Linked by Eugenia Loli on Sun 5th Nov 2006 22:59 UTC
General Development David Chisnall takes a look behind the scenes at Apple's upcoming revamp of the Objective-C language. As with any new language, some things are good, some are ugly, and some are both.
Thread beginning with comment 179219
To view parent comment, click here.
To read all comments associated with this story, please click here.
RE[2]: Not dead yet?
by IndigoJo on Mon 6th Nov 2006 11:03 UTC in reply to "RE: Not dead yet?"
IndigoJo
Member since:
2005-07-06

Qt/Mac is actually a wrapper around Carbon, and unlike Cocoa and Carbon, you have to pay a four-figure sum (per developer) to build commercial applications with it.

In my own experience, there are two big problems with Qt as a platform for serious Mac applications. One is that Qt apps don't behave like normal Mac apps: for example, the menu bar is tied to the main window, and if you shut the window, the application dies. Cocoa and (normal) Carbon applications don't behave like that. It doesn't use all the Carbon widgets either, although this has improved in recent years (supporting drawers and sheets, for example).

Second, I've found that there are speed deficits. Widgets take about a second to "awaken" after you raise a Qt window on the Mac - they don't on normal Mac apps - and certain classes are sluggish, notably the text editor widget class when you write a few paragraphs with it.

Much as I love its API and I think it's fantastic on X11 and Windows, if you're looking mainly to develop Mac apps you should give Qt a miss.

Reply Parent Score: 1

RE[3]: Not dead yet?
by someone on Mon 6th Nov 2006 15:33 in reply to "RE[2]: Not dead yet?"
someone Member since:
2006-01-12

Much as I love its API and I think it's fantastic on X11 and Windows, if you're looking mainly to develop Mac apps you should give Qt a miss.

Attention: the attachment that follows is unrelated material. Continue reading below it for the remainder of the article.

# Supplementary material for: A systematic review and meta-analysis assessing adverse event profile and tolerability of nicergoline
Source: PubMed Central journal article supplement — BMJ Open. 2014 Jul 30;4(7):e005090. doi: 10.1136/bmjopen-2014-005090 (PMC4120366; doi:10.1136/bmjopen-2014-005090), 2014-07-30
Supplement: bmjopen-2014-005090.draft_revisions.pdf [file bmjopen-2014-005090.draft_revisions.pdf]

Qt is probably the best toolkit available if you want to do crossplatform programming in C++.

Your only other option is Java, which can look native when you use SWT or a proper look and feel like Quaqua. However, Java isn't suitable for tiny applications due to the overhead it introduces.

Edited 2006-11-06 15:37

Reply Parent Score: 1

RE[3]: Not dead yet?
by Brandybuck on Mon 6th Nov 2006 19:22 in reply to "RE[2]: Not dead yet?"
Brandybuck Member since:
2006-08-27

<em>...you have to pay a four-figure sum (per developer) to build commercial applications with it.</em>

s a professional Qt consultant, I can say from direct experience as a Qt consultant that this isn't an issue for professional developers. Shareware developers quibble about it, but they don't count. If you're making six figures for your software, a four figure price is peanuts.

And it's also available Open Source, so if you're only making three figures a year on your software, deduct your failed business attempt on your taxes and go Open Source yourself.

<em>One is that Qt apps don't behave like normal Mac apps...</em>

Most people can't tell the difference. In fact, many rabid Mac advocates can't tell the difference either unless they're specifically looking for it. What most people see as un-Mac-ness are merely Windows/Qt programs ported to Mac/Qt with no additional work. And it's certainly a heck of a lot closer in look and feel that Java/SWT!

Of course it's not perfect. Since it isn't pure Cocoa, it doesn't feel like pure Cocoa. But so what? Users don't care about little stuff like this. Over in the Windows world Microsoft can't even manage to get .NET apps to look like Windows apps, but no one cares.

Reply Parent Score: 3

RE[3]: Not dead yet?
by bigmarlin on Mon 6th Nov 2006 22:22 in reply to "RE[2]: Not dead yet?"
bigmarlin Member since:
2006-02-01

One is that Qt apps don't behave like normal Mac apps: for example, the menu bar is tied to the main window, and if you shut the window, the application dies.

Not true with Qt 4 - you can have a QMenuBar without a window.

Widgets take about a second to "awaken" after you raise a Qt window on the Mac - they don't on normal Mac apps - and certain classes are sluggish, notably the text editor widget class when you write a few paragraphs with it.

Have you used Qt 4.1 or later?

BTW: I wouldn't call Qt a "wrapper" as such around Carbon. Instead, it uses the "Carbon" / low-level system APIs to interface with the Mac OS. Cocoa, which is another high-level toolkit also has to use many of the same APIs underneath.

I too get frustrated when Qt widgets don't minic Cocoa properly, but they're definitely getting better! Speed is also no longer a concern either.

Reply Parent Score: 2